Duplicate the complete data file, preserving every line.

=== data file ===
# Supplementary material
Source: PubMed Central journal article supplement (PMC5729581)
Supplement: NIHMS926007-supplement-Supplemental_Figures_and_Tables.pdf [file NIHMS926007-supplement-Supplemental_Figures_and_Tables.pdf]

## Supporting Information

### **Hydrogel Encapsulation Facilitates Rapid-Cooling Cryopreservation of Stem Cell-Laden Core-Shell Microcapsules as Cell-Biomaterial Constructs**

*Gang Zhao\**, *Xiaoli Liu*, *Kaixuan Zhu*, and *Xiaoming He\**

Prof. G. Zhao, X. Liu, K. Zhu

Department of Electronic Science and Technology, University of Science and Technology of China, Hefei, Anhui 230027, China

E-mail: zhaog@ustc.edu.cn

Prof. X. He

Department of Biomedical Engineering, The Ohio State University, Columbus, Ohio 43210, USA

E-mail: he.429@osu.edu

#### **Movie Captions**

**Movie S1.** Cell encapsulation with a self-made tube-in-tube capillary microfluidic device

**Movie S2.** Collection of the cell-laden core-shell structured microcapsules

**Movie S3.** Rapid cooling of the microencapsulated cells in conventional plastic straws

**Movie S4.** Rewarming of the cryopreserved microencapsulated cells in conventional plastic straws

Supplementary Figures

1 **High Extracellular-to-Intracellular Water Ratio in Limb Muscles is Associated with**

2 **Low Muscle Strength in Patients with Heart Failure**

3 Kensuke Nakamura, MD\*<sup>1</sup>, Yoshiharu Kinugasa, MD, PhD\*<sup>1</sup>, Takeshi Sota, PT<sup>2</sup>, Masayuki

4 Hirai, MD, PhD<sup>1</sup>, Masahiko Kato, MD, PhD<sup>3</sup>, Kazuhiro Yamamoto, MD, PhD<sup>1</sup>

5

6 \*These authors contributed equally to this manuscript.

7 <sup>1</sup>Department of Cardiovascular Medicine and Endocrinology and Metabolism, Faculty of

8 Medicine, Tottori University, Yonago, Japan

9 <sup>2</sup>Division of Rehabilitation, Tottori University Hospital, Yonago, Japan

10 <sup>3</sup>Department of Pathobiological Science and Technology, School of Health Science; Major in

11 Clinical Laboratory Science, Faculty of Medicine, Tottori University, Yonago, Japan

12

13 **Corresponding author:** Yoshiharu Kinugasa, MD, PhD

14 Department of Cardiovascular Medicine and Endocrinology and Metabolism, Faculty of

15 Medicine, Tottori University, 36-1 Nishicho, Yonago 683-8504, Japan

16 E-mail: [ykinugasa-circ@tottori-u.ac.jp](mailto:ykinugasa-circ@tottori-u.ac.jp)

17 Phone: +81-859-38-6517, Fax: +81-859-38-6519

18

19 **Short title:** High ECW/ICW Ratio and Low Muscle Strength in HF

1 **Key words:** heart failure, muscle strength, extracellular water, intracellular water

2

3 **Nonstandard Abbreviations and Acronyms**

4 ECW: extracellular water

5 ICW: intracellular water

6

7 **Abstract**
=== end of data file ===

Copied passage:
# Supplementary material
Source: PubMed Central journal article supplement (PMC5729581)
Supplement: NIHMS926007-supplement-Supplemental_Figures_and_Tables.pdf [file NIHMS926007-supplement-Supplemental_Figures_and_Tables.pdf]

## Supporting Information

### **Hydrogel Encapsulation Facilitates Rapid-Cooling Cryopreservation of Stem Cell-Laden Core-Shell Microcapsules as Cell-Biomaterial Constructs**

*Gang Zhao\**, *Xiaoli Liu*, *Kaixuan Zhu*, and *Xiaoming He\**

Prof. G. Zhao, X. Liu, K. Zhu

Department of Electronic Science and Technology, University of Science and Technology of China, Hefei, Anhui 230027, China

E-mail: zhaog@ustc.edu.cn

Prof. X. He

Department of Biomedical Engineering, The Ohio State University, Columbus, Ohio 43210, USA

E-mail: he.429@osu.edu

#### **Movie Captions**

**Movie S1.** Cell encapsulation with a self-made tube-in-tube capillary microfluidic device

**Movie S2.** Collection of the cell-laden core-shell structured microcapsules

**Movie S3.** Rapid cooling of the microencapsulated cells in conventional plastic straws

**Movie S4.** Rewarming of the cryopreserved microencapsulated cells in conventional plastic straws

Supplementary Figures

1 **High Extracellular-to-Intracellular Water Ratio in Limb Muscles is Associated with**

2 **Low Muscle Strength in Patients with Heart Failure**

3 Kensuke Nakamura, MD\*<sup>1</sup>, Yoshiharu Kinugasa, MD, PhD\*<sup>1</sup>, Takeshi Sota, PT<sup>2</sup>, Masayuki

4 Hirai, MD, PhD<sup>1</sup>, Masahiko Kato, MD, PhD<sup>3</sup>, Kazuhiro Yamamoto, MD, PhD<sup>1</sup>

5

6 \*These authors contributed equally to this manuscript.

7 <sup>1</sup>Department of Cardiovascular Medicine and Endocrinology and Metabolism, Faculty of

8 Medicine, Tottori University, Yonago, Japan

9 <sup>2</sup>Division of Rehabilitation, Tottori University Hospital, Yonago, Japan

10 <sup>3</sup>Department of Pathobiological Science and Technology, School of Health Science; Major in

11 Clinical Laboratory Science, Faculty of Medicine, Tottori University, Yonago, Japan

12

13 **Corresponding author:** Yoshiharu Kinugasa, MD, PhD

14 Department of Cardiovascular Medicine and Endocrinology and Metabolism, Faculty of

15 Medicine, Tottori University, 36-1 Nishicho, Yonago 683-8504, Japan

16 E-mail: [ykinugasa-circ@tottori-u.ac.jp](mailto:ykinugasa-circ@tottori-u.ac.jp)

17 Phone: +81-859-38-6517, Fax: +81-859-38-6519

18

19 **Short title:** High ECW/ICW Ratio and Low Muscle Strength in HF

1 **Key words:** heart failure, muscle strength, extracellular water, intracellular water

2

3 **Nonstandard Abbreviations and Acronyms**

4 ECW: extracellular water

5 ICW: intracellular water

6

7 **Abstract**